If you don’t like hate mail, you should probably stop downloading your favourite TV shows.
This year, Canadian internet providers have been sending out more and more “cease-and-desist” letters to customers who prefer to torrent their Game of Thrones than fork out cash for HBO.
Does this mean you’re heading to prison? And why now? Vv Magazine explains.
Q: Is this new?
A: Yes and no. Canadians who download from torrenting websites have been receiving these sorts of letters for years. But since January 2, 2015, downloaders have been subject to new “notice and notice” provisions under Canada’s 2012 Copyright Modernization Act.
In a nutshell, these new provisions mean that copyright holders (i.e., the bigwigs at HBO or NBC) will have the power to send scary, threatening letters to Internet users too cheap to buy their content. Internet providers are now legally required to be the nasty, letter-passing middle-men. A copyright owner can also send a notice to a search engine, putting them on the hook, too.
Q: So if I download, am I a criminal?
Q: So I’m going to prison?
A: Don’t pack your bags quite yet. If you’ve received a letter, your Internet service provider is required to keep your information on file for anywhere from six months to one year. This information is protected by Canadian law, so litigious copyright holders – read: American – can’t just barge across the border and sue you.
Q: Whew. So I’m safe?
A: Nope. Meet the Digital Privacy Act, or bill S-4.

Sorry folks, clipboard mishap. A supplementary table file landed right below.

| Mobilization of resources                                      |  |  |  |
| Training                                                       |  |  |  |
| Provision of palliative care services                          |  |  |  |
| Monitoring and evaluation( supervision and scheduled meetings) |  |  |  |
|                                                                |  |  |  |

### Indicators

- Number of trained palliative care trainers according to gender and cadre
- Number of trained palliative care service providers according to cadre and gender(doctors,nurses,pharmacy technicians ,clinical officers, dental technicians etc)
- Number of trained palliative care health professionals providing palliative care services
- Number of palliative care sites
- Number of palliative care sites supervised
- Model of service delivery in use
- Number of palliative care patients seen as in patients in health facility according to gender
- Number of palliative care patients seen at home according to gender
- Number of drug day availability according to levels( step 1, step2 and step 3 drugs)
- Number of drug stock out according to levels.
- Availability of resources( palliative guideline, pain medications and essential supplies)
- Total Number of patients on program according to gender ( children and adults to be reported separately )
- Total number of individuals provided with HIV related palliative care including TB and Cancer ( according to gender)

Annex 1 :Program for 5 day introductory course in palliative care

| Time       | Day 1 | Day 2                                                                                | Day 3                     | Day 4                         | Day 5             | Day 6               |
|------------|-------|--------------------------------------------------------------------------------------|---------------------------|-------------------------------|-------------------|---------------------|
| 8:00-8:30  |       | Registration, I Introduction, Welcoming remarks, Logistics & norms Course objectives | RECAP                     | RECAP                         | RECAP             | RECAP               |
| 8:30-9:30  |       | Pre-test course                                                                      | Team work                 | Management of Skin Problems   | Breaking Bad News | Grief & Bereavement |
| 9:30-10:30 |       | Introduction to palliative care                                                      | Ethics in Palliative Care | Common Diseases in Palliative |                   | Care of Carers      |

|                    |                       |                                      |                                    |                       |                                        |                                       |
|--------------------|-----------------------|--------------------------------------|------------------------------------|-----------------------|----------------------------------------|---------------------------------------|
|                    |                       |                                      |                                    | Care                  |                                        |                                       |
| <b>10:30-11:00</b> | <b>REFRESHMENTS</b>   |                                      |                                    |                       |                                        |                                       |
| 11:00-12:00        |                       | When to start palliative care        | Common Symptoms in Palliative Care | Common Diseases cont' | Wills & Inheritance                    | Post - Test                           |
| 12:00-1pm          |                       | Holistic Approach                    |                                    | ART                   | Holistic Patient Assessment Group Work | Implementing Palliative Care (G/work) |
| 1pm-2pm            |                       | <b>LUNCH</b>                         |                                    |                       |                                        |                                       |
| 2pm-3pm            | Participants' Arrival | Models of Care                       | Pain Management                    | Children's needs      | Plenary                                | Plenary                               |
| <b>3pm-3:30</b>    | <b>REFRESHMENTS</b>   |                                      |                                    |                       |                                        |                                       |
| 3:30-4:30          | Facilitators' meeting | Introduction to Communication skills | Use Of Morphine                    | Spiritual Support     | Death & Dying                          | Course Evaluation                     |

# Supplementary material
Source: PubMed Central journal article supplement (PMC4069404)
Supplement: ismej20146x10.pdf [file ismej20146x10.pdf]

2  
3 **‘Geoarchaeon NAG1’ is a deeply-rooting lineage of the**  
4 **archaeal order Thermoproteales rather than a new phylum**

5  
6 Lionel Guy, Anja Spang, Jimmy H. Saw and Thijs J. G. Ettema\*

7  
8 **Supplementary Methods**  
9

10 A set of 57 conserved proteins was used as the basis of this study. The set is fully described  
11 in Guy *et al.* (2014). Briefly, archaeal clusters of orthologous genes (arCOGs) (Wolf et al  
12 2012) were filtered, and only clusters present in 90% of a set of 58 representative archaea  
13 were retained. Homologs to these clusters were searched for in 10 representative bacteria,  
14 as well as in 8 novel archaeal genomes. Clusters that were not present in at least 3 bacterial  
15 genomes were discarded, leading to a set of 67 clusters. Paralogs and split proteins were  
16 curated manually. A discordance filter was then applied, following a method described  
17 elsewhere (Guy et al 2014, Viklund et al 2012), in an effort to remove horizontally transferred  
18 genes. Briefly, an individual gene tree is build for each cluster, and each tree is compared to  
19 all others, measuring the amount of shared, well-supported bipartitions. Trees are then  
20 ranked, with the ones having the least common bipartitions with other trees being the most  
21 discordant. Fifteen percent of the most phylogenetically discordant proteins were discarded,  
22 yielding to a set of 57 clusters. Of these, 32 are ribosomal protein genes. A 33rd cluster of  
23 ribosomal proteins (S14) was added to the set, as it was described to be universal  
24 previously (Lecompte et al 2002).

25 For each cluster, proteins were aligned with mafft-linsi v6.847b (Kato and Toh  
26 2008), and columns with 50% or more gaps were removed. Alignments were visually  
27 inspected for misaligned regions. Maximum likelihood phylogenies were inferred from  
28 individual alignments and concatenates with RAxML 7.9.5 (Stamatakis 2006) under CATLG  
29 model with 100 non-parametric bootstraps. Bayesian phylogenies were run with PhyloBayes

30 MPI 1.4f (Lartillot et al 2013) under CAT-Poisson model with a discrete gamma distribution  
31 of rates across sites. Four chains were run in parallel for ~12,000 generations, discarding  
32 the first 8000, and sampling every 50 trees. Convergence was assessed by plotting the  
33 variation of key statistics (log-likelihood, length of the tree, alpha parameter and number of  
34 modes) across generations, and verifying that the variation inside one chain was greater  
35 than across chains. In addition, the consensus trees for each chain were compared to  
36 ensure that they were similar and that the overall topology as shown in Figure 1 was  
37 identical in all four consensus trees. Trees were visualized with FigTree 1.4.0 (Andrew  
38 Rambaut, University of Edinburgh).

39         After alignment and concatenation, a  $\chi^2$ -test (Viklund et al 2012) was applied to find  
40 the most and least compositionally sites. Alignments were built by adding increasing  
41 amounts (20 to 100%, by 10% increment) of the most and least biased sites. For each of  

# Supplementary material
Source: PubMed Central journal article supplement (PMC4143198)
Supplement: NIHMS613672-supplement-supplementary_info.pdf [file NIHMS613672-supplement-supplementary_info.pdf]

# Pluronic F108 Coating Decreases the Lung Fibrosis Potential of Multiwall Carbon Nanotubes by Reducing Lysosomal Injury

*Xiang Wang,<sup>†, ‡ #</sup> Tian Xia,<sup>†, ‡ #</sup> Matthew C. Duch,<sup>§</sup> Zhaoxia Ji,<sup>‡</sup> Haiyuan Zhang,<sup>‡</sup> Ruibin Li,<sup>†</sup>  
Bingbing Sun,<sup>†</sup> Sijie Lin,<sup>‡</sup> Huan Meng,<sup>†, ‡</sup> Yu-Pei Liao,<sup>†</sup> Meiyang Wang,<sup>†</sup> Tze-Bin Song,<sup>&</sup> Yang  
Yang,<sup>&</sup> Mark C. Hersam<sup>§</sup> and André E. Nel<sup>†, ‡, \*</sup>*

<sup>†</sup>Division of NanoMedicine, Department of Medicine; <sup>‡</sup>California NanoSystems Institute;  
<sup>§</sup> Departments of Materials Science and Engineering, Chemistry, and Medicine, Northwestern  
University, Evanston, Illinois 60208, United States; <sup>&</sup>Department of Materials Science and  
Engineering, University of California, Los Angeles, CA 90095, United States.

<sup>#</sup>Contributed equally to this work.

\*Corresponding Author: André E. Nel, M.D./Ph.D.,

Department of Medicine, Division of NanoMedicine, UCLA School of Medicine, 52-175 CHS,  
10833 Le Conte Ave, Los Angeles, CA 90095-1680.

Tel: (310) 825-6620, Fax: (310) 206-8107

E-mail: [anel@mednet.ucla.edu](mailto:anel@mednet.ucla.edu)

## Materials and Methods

Currently making its way through the federal government, the bill would allow an organization to “disclose personal information without the knowledge or consent of the individual,” in circumstances of fraud or “for the purposes of investigating a breach of an agreement or a contravention of the laws of Canada or a province that has been, is being or is about to be committed.”
In English: names of Canadian downloaders could be accessible by these big, angry organizations. So it could be easier than ever to target Canadian pirates.
Q: Yikes. What’s the penalty?
A: If you’re lucky, $20. If you’re not, $5,000. Or you’ll be called to court.
Q: So are these letters scaring people away from downloading?
A: Seems so. According to Vice, only 5 percent of Rogers subscribers receive notices about piracy. Of those, 68 percent receive one notice, 89 percent receive two notices and only one alleged pirate in 800,000 gets “numerous notices.”
Q: Should I stop?
A: That’s your call. But it’s important you understand the risks.
That being said, will you stop torrenting? Let Vv Magazine know in the comments below or tweet us @ViewTheVibe.